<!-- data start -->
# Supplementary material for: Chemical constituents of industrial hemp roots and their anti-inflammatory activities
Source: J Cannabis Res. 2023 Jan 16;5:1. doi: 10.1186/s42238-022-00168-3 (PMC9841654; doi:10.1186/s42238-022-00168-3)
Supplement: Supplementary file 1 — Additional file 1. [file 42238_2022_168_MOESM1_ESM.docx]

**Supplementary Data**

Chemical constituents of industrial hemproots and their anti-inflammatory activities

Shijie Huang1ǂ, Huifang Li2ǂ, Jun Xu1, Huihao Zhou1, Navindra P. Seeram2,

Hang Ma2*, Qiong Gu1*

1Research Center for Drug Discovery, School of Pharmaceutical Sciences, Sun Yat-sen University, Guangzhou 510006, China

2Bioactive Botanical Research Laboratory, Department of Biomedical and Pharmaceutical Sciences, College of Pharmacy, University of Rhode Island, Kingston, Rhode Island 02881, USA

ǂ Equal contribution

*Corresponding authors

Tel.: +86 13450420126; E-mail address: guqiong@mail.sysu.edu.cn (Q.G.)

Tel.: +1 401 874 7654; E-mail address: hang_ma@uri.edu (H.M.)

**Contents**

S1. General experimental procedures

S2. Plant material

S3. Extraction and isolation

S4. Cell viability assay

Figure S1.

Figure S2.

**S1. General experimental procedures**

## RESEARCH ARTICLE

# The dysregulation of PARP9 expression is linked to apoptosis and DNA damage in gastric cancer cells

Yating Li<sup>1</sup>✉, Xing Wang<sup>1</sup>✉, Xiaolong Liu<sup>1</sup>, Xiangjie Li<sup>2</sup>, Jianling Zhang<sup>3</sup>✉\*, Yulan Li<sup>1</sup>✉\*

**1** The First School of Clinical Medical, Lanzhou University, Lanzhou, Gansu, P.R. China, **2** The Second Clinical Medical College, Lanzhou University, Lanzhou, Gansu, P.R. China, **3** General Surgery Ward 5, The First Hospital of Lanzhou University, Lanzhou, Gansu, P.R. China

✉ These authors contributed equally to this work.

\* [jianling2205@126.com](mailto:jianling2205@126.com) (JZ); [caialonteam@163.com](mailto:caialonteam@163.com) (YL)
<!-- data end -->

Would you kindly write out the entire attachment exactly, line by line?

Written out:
# Supplementary material for: Chemical constituents of industrial hemp roots and their anti-inflammatory activities
Source: J Cannabis Res. 2023 Jan 16;5:1. doi: 10.1186/s42238-022-00168-3 (PMC9841654; doi:10.1186/s42238-022-00168-3)
Supplement: Supplementary file 1 — Additional file 1. [file 42238_2022_168_MOESM1_ESM.docx]

**Supplementary Data**

Chemical constituents of industrial hemproots and their anti-inflammatory activities

Shijie Huang1ǂ, Huifang Li2ǂ, Jun Xu1, Huihao Zhou1, Navindra P. Seeram2,

Hang Ma2*, Qiong Gu1*

1Research Center for Drug Discovery, School of Pharmaceutical Sciences, Sun Yat-sen University, Guangzhou 510006, China

2Bioactive Botanical Research Laboratory, Department of Biomedical and Pharmaceutical Sciences, College of Pharmacy, University of Rhode Island, Kingston, Rhode Island 02881, USA

ǂ Equal contribution

*Corresponding authors

Tel.: +86 13450420126; E-mail address: guqiong@mail.sysu.edu.cn (Q.G.)

Tel.: +1 401 874 7654; E-mail address: hang_ma@uri.edu (H.M.)

**Contents**

S1. General experimental procedures

S2. Plant material

S3. Extraction and isolation

S4. Cell viability assay

Figure S1.

Figure S2.

**S1. General experimental procedures**

## RESEARCH ARTICLE

# The dysregulation of PARP9 expression is linked to apoptosis and DNA damage in gastric cancer cells

Yating Li<sup>1</sup>✉, Xing Wang<sup>1</sup>✉, Xiaolong Liu<sup>1</sup>, Xiangjie Li<sup>2</sup>, Jianling Zhang<sup>3</sup>✉\*, Yulan Li<sup>1</sup>✉\*

**1** The First School of Clinical Medical, Lanzhou University, Lanzhou, Gansu, P.R. China, **2** The Second Clinical Medical College, Lanzhou University, Lanzhou, Gansu, P.R. China, **3** General Surgery Ward 5, The First Hospital of Lanzhou University, Lanzhou, Gansu, P.R. China

✉ These authors contributed equally to this work.

\* [jianling2205@126.com](mailto:jianling2205@126.com) (JZ); [caialonteam@163.com](mailto:caialonteam@163.com) (YL)